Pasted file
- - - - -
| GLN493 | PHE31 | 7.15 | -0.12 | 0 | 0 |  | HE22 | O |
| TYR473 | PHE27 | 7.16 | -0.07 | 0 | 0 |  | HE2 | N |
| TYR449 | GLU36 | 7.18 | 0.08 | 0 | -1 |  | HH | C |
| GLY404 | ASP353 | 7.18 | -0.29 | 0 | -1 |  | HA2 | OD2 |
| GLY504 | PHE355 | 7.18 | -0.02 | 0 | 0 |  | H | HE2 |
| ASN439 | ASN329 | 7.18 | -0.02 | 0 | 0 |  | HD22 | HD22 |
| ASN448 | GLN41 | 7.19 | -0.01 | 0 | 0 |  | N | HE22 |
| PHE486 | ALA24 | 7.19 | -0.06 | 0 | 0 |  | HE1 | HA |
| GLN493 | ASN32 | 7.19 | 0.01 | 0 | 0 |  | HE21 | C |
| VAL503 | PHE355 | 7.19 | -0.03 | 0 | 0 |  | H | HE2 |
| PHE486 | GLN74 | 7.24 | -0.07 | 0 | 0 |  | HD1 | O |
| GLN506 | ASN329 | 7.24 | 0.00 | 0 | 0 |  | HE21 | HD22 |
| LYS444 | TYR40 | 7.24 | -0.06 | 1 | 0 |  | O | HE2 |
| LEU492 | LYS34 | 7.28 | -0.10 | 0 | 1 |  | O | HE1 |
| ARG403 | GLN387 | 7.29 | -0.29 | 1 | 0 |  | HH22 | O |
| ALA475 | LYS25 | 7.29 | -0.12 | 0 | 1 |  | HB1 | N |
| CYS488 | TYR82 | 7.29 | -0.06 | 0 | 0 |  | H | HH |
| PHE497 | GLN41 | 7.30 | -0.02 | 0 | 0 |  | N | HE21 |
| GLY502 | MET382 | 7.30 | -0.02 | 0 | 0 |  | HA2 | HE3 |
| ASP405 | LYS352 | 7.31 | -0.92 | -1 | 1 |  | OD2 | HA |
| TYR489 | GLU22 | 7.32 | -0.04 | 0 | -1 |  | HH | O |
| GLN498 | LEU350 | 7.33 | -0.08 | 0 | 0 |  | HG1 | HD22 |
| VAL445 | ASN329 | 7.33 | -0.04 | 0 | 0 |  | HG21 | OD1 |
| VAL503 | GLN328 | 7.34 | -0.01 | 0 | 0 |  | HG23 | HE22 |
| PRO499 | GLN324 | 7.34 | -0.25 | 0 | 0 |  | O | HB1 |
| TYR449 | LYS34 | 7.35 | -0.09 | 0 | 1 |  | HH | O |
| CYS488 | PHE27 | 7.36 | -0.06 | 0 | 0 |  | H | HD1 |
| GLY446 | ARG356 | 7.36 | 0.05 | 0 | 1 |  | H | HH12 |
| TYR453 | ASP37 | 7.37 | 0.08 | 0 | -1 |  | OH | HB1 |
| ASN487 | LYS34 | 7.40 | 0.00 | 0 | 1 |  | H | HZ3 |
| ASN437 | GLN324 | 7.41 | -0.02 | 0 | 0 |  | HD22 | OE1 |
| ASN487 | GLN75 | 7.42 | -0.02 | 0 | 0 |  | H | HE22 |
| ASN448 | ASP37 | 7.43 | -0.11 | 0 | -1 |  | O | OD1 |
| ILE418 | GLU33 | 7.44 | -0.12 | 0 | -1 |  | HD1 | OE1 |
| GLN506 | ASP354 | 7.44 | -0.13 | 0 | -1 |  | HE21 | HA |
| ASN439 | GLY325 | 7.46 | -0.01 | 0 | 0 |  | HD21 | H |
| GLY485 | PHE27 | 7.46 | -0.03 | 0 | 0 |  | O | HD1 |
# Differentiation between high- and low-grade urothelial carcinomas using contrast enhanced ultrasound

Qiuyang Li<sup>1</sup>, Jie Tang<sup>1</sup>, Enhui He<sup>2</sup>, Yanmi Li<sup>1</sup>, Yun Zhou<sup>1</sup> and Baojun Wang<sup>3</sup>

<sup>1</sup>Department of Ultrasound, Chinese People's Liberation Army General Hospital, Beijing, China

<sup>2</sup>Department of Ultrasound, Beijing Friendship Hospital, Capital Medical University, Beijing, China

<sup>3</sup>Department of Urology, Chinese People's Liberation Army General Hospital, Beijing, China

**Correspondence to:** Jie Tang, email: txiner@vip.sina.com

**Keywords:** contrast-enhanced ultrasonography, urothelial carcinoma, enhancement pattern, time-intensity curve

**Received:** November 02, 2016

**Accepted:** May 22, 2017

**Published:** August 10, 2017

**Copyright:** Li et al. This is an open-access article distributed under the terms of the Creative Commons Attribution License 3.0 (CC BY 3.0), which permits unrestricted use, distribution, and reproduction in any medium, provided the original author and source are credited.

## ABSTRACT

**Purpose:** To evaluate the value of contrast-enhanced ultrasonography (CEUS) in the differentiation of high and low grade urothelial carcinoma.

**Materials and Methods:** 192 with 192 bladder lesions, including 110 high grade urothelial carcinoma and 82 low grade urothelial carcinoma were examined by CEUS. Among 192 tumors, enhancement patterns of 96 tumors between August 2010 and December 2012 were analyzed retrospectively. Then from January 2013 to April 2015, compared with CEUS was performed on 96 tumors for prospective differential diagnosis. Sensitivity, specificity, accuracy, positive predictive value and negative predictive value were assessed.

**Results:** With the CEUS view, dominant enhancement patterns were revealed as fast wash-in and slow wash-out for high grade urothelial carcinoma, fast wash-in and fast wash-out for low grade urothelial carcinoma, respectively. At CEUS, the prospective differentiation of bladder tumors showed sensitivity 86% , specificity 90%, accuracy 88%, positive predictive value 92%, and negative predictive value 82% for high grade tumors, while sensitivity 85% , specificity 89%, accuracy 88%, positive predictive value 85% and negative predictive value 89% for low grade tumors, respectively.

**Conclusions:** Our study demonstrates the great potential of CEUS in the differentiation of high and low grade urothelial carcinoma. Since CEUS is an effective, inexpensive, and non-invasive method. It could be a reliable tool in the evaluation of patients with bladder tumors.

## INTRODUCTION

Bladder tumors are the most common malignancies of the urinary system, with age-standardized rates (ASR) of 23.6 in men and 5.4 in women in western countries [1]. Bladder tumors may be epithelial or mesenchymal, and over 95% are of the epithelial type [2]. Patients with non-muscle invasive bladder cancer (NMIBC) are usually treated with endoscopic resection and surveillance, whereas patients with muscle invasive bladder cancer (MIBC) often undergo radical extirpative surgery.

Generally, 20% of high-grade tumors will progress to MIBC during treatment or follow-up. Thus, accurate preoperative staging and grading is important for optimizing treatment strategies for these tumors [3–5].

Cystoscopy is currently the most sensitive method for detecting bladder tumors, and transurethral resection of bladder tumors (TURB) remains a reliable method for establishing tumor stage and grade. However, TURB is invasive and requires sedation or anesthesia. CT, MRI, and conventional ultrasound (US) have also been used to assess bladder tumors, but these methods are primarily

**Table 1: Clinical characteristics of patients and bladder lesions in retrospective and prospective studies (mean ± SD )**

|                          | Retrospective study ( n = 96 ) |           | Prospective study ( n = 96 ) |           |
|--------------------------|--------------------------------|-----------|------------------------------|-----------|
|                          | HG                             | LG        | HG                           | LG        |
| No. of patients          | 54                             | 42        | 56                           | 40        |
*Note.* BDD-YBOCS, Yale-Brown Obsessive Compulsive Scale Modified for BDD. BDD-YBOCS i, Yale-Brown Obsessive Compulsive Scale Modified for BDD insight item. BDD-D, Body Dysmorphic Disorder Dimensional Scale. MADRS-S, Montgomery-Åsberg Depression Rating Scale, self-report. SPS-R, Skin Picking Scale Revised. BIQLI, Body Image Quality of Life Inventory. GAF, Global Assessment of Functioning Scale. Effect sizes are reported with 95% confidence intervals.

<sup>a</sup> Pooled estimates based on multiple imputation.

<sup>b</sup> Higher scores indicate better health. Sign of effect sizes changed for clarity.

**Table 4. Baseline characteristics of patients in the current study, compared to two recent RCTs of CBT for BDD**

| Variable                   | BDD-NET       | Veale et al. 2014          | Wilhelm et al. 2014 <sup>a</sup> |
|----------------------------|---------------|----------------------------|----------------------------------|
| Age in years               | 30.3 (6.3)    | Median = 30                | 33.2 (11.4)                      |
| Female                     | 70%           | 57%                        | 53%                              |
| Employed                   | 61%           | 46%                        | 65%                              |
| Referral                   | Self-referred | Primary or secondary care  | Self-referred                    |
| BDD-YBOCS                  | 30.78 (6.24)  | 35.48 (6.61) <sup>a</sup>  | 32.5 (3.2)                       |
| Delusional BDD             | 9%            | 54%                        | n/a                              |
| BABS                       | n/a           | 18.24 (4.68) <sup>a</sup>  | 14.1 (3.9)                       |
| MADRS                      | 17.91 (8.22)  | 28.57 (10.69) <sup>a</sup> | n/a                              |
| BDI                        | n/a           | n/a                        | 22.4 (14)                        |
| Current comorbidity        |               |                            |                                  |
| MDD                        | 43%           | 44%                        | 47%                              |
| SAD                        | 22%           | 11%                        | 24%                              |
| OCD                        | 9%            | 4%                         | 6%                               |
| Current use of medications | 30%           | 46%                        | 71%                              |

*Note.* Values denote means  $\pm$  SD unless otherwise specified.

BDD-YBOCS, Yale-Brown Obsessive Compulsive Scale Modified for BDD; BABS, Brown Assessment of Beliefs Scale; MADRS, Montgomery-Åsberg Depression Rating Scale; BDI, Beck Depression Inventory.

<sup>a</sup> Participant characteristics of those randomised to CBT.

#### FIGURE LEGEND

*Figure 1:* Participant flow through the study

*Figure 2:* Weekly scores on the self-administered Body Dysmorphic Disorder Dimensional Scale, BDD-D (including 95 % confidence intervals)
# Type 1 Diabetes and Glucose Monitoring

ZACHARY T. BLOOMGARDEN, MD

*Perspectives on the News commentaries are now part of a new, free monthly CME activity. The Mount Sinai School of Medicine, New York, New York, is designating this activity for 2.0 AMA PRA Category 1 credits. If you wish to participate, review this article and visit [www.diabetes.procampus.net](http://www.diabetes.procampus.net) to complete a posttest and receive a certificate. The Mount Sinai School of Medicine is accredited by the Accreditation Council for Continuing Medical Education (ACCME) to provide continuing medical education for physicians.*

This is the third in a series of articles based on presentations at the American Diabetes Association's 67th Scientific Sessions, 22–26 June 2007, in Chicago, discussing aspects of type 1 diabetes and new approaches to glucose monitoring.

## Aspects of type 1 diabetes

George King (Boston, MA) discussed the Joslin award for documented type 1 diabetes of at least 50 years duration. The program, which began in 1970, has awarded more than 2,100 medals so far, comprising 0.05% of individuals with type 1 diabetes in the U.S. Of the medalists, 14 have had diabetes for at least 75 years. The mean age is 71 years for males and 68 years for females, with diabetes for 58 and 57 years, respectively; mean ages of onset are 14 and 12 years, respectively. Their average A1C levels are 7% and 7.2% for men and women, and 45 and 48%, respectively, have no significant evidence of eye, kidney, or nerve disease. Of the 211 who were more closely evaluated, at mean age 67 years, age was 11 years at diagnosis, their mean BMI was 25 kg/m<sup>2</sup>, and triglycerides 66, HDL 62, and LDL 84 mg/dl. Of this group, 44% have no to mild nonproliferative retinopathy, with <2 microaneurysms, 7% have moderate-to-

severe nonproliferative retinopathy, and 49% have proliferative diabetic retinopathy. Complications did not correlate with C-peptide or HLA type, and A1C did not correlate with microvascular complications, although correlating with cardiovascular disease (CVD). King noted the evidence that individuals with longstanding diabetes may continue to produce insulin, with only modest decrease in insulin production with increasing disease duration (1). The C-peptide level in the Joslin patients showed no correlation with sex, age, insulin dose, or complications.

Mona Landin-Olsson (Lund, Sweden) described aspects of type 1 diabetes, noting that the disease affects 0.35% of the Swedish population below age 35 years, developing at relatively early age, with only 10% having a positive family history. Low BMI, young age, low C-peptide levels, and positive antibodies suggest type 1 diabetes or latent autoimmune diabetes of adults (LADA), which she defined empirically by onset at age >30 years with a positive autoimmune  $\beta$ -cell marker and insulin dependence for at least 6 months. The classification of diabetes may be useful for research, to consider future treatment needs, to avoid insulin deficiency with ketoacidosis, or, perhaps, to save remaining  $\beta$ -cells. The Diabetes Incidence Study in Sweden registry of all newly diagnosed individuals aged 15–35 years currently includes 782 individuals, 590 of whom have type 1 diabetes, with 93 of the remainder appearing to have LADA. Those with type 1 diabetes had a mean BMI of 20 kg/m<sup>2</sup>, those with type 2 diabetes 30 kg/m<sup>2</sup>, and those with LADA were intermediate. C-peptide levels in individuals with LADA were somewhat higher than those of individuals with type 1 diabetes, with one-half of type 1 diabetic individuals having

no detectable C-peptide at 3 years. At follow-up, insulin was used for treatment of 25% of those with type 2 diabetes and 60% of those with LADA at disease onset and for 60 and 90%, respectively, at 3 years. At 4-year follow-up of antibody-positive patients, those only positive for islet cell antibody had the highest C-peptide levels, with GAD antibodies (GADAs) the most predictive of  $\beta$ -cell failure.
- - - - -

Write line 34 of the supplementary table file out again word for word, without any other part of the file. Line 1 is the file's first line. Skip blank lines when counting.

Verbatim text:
| ILE418 | GLU33 | 7.44 | -0.12 | 0 | -1 |  | HD1 | OE1 |